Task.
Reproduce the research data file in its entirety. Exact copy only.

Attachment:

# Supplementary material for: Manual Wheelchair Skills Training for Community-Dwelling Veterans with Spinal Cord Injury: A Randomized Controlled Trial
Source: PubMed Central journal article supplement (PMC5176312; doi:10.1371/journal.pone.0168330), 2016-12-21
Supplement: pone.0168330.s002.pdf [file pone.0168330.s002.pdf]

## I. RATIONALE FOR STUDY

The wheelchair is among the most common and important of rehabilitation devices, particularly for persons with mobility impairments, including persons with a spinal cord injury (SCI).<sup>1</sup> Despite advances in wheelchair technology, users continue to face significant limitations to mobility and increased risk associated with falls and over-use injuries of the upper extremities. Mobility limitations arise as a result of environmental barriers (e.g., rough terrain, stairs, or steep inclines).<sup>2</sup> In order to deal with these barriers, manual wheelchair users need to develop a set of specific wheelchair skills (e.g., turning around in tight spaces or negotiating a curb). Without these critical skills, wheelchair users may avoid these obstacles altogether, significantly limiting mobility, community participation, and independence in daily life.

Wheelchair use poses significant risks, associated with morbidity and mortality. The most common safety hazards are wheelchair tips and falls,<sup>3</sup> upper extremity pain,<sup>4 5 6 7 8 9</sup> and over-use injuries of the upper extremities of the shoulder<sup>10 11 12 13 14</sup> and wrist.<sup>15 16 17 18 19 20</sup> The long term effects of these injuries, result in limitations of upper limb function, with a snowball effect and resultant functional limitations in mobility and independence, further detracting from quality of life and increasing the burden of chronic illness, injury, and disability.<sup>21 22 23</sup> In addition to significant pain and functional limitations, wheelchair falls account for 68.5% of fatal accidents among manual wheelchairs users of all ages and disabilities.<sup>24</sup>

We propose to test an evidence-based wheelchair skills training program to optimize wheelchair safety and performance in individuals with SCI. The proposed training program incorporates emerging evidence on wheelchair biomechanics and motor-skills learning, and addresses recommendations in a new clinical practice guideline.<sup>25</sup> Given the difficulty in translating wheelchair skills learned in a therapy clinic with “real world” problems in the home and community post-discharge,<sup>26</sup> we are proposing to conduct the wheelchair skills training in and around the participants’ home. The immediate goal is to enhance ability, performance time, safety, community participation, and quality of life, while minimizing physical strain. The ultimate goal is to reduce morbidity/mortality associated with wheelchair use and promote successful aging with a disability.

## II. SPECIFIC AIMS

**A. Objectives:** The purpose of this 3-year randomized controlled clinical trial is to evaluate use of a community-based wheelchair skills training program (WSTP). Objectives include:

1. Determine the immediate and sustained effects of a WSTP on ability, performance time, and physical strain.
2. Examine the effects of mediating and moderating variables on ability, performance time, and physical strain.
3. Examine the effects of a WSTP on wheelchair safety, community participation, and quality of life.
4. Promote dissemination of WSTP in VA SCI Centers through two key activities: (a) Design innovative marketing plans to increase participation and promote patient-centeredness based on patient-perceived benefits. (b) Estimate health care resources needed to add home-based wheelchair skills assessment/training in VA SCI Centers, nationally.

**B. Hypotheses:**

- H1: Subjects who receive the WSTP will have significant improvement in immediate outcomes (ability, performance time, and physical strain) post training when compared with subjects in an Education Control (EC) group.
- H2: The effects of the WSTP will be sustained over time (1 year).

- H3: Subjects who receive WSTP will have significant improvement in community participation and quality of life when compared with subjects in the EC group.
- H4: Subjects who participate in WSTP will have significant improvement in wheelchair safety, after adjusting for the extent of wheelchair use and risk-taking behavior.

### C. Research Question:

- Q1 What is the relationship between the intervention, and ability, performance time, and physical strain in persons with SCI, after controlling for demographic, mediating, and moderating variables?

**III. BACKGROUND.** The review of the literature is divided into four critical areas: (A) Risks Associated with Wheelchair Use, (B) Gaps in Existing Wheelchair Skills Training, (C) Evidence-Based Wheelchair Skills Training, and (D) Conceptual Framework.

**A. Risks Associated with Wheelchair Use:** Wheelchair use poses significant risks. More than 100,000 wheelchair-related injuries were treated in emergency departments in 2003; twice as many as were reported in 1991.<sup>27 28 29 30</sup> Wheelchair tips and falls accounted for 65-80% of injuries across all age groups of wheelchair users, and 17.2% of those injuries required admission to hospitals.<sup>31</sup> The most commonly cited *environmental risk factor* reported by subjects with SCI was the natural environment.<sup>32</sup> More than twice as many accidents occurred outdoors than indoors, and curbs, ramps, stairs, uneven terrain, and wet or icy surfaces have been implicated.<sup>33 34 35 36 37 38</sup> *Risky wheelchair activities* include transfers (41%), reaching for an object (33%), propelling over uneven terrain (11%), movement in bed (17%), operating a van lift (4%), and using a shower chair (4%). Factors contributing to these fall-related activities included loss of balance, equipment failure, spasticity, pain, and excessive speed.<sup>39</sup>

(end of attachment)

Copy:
# Supplementary material for: Manual Wheelchair Skills Training for Community-Dwelling Veterans with Spinal Cord Injury: A Randomized Controlled Trial
Source: PubMed Central journal article supplement (PMC5176312; doi:10.1371/journal.pone.0168330), 2016-12-21
Supplement: pone.0168330.s002.pdf [file pone.0168330.s002.pdf]

## I. RATIONALE FOR STUDY

The wheelchair is among the most common and important of rehabilitation devices, particularly for persons with mobility impairments, including persons with a spinal cord injury (SCI).<sup>1</sup> Despite advances in wheelchair technology, users continue to face significant limitations to mobility and increased risk associated with falls and over-use injuries of the upper extremities. Mobility limitations arise as a result of environmental barriers (e.g., rough terrain, stairs, or steep inclines).<sup>2</sup> In order to deal with these barriers, manual wheelchair users need to develop a set of specific wheelchair skills (e.g., turning around in tight spaces or negotiating a curb). Without these critical skills, wheelchair users may avoid these obstacles altogether, significantly limiting mobility, community participation, and independence in daily life.

Wheelchair use poses significant risks, associated with morbidity and mortality. The most common safety hazards are wheelchair tips and falls,<sup>3</sup> upper extremity pain,<sup>4 5 6 7 8 9</sup> and over-use injuries of the upper extremities of the shoulder<sup>10 11 12 13 14</sup> and wrist.<sup>15 16 17 18 19 20</sup> The long term effects of these injuries, result in limitations of upper limb function, with a snowball effect and resultant functional limitations in mobility and independence, further detracting from quality of life and increasing the burden of chronic illness, injury, and disability.<sup>21 22 23</sup> In addition to significant pain and functional limitations, wheelchair falls account for 68.5% of fatal accidents among manual wheelchairs users of all ages and disabilities.<sup>24</sup>

We propose to test an evidence-based wheelchair skills training program to optimize wheelchair safety and performance in individuals with SCI. The proposed training program incorporates emerging evidence on wheelchair biomechanics and motor-skills learning, and addresses recommendations in a new clinical practice guideline.<sup>25</sup> Given the difficulty in translating wheelchair skills learned in a therapy clinic with “real world” problems in the home and community post-discharge,<sup>26</sup> we are proposing to conduct the wheelchair skills training in and around the participants’ home. The immediate goal is to enhance ability, performance time, safety, community participation, and quality of life, while minimizing physical strain. The ultimate goal is to reduce morbidity/mortality associated with wheelchair use and promote successful aging with a disability.

## II. SPECIFIC AIMS

**A. Objectives:** The purpose of this 3-year randomized controlled clinical trial is to evaluate use of a community-based wheelchair skills training program (WSTP). Objectives include:

1. Determine the immediate and sustained effects of a WSTP on ability, performance time, and physical strain.
2. Examine the effects of mediating and moderating variables on ability, performance time, and physical strain.
3. Examine the effects of a WSTP on wheelchair safety, community participation, and quality of life.
4. Promote dissemination of WSTP in VA SCI Centers through two key activities: (a) Design innovative marketing plans to increase participation and promote patient-centeredness based on patient-perceived benefits. (b) Estimate health care resources needed to add home-based wheelchair skills assessment/training in VA SCI Centers, nationally.

**B. Hypotheses:**

- H1: Subjects who receive the WSTP will have significant improvement in immediate outcomes (ability, performance time, and physical strain) post training when compared with subjects in an Education Control (EC) group.
- H2: The effects of the WSTP will be sustained over time (1 year).

- H3: Subjects who receive WSTP will have significant improvement in community participation and quality of life when compared with subjects in the EC group.
- H4: Subjects who participate in WSTP will have significant improvement in wheelchair safety, after adjusting for the extent of wheelchair use and risk-taking behavior.

### C. Research Question:

- Q1 What is the relationship between the intervention, and ability, performance time, and physical strain in persons with SCI, after controlling for demographic, mediating, and moderating variables?

**III. BACKGROUND.** The review of the literature is divided into four critical areas: (A) Risks Associated with Wheelchair Use, (B) Gaps in Existing Wheelchair Skills Training, (C) Evidence-Based Wheelchair Skills Training, and (D) Conceptual Framework.

**A. Risks Associated with Wheelchair Use:** Wheelchair use poses significant risks. More than 100,000 wheelchair-related injuries were treated in emergency departments in 2003; twice as many as were reported in 1991.<sup>27 28 29 30</sup> Wheelchair tips and falls accounted for 65-80% of injuries across all age groups of wheelchair users, and 17.2% of those injuries required admission to hospitals.<sup>31</sup> The most commonly cited *environmental risk factor* reported by subjects with SCI was the natural environment.<sup>32</sup> More than twice as many accidents occurred outdoors than indoors, and curbs, ramps, stairs, uneven terrain, and wet or icy surfaces have been implicated.<sup>33 34 35 36 37 38</sup> *Risky wheelchair activities* include transfers (41%), reaching for an object (33%), propelling over uneven terrain (11%), movement in bed (17%), operating a van lift (4%), and using a shower chair (4%). Factors contributing to these fall-related activities included loss of balance, equipment failure, spasticity, pain, and excessive speed.<sup>39</sup>